With investors, the ability to communicate, to convincingly explain bad performance (whether because of model breakdown or whatever reason), is an important part of an asset manager’s job. The ability to communicate with colleagues inside the rm is also important. Sources remarked on the need to communicate with one’s peers, to question one’s peers, to have conviction (but also to be able to change one’s mind when presented with new facts or a stronger argument). Without strong communication skills, critical thinking may create conflicts and result in the rejection of good but poorly communicated ideas. Broad knowledge helps in finding convincing parallels, in objectivizing positions and ideas, and in placing them in a historical or scientific perspective.
Key Skill #4: Ability to Reason
Another important quality short-listed by human resources managers is the ability to reason, to take in large quantities of information, to separate the true information from the noise, and to analyze the data. Again, good macroeconomic reasoning requires an ability to see the big picture. Sources remarked on candidates’ need to have a toolkit for how to analyze a problem that includes both analytical and mathematical skills. Candidates who pass all the initial hurdles are typically grilled by the hiring firm’s asset managers. The objective is to test the candidate’s reasoning and judgment. A source at a fundamental manager explained,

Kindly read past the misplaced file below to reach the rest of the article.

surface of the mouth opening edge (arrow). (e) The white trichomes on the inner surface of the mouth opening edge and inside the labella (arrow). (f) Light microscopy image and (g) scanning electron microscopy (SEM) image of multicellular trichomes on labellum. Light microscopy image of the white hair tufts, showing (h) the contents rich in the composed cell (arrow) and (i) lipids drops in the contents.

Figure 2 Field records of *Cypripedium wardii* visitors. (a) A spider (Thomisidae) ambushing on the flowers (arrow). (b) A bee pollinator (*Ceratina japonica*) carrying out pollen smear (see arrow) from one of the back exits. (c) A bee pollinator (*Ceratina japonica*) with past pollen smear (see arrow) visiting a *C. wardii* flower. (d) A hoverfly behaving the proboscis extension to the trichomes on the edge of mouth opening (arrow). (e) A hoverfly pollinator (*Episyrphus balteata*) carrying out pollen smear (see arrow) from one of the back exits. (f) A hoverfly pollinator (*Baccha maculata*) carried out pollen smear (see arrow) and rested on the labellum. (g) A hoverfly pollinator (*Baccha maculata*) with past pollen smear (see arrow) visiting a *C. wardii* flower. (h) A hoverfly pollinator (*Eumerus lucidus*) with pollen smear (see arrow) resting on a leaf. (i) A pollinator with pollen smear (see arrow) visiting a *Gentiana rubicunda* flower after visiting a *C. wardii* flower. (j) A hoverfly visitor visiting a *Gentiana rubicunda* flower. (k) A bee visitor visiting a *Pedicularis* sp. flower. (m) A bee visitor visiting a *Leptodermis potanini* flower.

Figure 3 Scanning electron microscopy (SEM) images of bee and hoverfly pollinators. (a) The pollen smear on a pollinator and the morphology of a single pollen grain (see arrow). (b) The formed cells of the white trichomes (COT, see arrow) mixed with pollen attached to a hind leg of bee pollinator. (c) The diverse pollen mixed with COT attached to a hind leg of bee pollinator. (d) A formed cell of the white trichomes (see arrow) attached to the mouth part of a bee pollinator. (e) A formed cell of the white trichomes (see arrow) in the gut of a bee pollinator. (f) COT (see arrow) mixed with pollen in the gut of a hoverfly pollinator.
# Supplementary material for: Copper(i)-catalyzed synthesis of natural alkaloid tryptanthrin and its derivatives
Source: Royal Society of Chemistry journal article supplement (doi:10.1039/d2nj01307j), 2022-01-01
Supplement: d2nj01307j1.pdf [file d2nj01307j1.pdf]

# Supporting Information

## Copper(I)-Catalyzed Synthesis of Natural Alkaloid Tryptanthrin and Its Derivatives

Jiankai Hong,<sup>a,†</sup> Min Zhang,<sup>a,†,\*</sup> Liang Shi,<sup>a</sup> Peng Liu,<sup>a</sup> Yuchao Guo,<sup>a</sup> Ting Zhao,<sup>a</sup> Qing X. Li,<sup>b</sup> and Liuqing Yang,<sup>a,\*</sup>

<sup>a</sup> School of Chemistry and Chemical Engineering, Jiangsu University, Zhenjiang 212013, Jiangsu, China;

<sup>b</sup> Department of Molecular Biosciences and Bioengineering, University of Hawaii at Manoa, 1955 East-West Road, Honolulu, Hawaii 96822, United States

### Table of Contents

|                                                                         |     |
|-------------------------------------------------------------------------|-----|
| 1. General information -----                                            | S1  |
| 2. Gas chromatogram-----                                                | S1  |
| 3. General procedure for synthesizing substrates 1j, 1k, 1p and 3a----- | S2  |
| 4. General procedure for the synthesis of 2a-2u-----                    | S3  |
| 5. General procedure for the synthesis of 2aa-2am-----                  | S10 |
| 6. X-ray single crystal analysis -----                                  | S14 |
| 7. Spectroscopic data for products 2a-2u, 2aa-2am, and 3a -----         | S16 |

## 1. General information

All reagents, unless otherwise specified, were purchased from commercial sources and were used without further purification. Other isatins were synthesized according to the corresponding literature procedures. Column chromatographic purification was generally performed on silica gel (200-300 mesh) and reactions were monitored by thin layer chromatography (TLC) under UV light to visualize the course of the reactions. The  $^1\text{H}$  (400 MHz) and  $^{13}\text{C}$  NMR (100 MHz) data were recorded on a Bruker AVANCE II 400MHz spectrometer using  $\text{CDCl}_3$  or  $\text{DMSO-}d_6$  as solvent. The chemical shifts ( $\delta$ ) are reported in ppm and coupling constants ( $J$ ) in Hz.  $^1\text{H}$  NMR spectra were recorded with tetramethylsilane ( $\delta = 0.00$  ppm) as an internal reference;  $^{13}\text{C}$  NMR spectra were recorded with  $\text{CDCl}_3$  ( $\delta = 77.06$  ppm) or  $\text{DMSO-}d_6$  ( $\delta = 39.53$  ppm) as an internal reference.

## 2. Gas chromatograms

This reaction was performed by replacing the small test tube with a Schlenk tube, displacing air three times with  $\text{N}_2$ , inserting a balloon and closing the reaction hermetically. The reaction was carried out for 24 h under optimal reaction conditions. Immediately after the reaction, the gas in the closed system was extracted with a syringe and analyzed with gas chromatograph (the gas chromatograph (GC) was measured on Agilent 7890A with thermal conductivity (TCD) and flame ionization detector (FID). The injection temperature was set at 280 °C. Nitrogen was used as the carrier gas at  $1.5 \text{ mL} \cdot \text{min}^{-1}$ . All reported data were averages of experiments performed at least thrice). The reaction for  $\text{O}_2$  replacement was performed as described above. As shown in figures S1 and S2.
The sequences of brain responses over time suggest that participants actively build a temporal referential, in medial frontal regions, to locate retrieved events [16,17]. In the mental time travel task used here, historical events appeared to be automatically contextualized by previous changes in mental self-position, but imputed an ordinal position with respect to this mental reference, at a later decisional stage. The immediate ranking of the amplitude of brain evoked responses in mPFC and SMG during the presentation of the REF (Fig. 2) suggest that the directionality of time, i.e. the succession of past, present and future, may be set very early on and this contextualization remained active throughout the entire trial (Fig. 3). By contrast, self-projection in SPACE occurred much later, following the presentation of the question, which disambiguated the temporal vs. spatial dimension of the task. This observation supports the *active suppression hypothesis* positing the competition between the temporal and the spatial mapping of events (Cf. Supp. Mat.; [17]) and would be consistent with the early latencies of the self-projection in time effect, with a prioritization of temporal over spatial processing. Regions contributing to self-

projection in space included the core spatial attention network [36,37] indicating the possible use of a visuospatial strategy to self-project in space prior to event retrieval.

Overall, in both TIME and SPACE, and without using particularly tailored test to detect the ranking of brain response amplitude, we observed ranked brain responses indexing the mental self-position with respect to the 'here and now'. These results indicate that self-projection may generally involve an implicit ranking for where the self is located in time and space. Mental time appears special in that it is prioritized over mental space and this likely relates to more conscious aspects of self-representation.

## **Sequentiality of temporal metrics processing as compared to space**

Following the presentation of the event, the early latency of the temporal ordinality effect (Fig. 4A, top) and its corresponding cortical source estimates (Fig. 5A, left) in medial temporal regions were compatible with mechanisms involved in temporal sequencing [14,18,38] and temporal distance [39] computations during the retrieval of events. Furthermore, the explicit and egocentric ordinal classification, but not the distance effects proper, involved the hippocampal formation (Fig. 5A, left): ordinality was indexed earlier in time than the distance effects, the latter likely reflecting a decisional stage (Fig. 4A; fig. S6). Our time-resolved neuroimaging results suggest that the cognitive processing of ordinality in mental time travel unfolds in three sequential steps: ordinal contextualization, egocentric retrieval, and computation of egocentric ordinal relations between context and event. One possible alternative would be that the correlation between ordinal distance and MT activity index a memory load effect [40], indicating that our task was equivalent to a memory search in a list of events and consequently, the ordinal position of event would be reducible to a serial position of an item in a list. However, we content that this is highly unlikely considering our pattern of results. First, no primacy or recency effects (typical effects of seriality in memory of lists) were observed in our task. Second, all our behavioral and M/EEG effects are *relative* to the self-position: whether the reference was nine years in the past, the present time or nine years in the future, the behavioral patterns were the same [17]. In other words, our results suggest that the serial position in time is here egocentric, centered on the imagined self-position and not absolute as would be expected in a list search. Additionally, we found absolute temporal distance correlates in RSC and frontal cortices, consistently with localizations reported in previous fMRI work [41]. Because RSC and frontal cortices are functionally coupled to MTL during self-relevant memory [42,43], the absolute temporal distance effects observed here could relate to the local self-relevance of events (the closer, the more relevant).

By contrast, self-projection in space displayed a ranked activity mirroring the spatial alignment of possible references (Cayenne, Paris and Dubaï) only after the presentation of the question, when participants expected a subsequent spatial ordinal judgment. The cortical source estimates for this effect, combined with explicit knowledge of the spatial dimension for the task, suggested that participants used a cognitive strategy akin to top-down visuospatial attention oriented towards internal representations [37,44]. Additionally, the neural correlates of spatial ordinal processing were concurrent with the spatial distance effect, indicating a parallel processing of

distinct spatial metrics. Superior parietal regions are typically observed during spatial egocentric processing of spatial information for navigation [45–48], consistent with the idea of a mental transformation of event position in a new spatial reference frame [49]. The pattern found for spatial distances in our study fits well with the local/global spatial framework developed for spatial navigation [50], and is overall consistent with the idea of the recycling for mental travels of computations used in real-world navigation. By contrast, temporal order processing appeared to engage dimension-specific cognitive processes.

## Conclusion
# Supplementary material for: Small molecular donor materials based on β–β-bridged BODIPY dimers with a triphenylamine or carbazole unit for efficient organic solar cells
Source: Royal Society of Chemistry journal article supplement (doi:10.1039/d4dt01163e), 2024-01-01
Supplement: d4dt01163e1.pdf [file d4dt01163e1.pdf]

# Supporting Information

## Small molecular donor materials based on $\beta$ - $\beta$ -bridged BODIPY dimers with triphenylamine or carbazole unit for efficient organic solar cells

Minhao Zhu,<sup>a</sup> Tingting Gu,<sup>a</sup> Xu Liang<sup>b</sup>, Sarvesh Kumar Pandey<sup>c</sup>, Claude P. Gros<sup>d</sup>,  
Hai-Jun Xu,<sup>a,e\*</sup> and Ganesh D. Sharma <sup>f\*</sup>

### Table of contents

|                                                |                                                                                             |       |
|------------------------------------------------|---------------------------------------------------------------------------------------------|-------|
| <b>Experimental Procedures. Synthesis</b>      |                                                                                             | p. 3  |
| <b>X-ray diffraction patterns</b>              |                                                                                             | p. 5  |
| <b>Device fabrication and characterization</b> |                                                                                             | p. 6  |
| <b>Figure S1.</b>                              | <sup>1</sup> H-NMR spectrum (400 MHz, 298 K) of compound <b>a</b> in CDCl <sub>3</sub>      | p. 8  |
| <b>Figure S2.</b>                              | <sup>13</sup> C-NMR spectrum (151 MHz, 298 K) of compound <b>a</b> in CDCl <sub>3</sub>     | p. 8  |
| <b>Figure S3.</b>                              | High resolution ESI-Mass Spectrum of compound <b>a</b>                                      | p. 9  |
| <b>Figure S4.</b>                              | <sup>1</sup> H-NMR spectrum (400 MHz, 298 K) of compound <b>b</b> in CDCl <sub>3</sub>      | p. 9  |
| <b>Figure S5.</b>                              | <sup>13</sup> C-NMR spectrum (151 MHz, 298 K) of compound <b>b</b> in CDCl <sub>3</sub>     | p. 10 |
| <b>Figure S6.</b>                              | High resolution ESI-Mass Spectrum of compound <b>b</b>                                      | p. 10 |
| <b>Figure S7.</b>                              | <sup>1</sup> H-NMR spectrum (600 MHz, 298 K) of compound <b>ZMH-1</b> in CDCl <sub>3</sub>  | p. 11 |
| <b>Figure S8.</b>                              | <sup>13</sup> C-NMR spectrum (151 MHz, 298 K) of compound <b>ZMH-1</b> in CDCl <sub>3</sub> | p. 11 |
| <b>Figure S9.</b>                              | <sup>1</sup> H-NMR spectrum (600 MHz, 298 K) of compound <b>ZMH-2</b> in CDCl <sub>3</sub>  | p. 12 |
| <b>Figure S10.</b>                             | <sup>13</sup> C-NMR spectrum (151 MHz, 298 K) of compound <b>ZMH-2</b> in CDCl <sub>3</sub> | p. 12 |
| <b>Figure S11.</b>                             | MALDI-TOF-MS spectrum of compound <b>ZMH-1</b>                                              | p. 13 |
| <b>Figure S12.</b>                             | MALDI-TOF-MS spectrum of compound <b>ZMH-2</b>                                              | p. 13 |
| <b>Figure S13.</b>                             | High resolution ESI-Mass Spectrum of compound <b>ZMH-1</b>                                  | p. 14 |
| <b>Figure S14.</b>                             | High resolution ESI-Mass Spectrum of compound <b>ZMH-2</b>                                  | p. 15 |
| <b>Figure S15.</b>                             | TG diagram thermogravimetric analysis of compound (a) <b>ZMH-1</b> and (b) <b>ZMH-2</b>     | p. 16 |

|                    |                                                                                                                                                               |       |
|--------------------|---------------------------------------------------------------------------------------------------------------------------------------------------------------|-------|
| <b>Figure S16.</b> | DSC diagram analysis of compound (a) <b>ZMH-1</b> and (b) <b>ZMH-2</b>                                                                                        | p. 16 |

“The hiring process is based on a series of conversations. We make candidates talk about what they have done, why they made the decisions they made. We need to see through the person’s thinking process. We also make them talk on topics such as current affairs for up to one hour. We want to see how they form their thoughts, test their assumptions, and how they conciliate competing ideas.”
Key Skill #5: Out-of-the-Box Thinking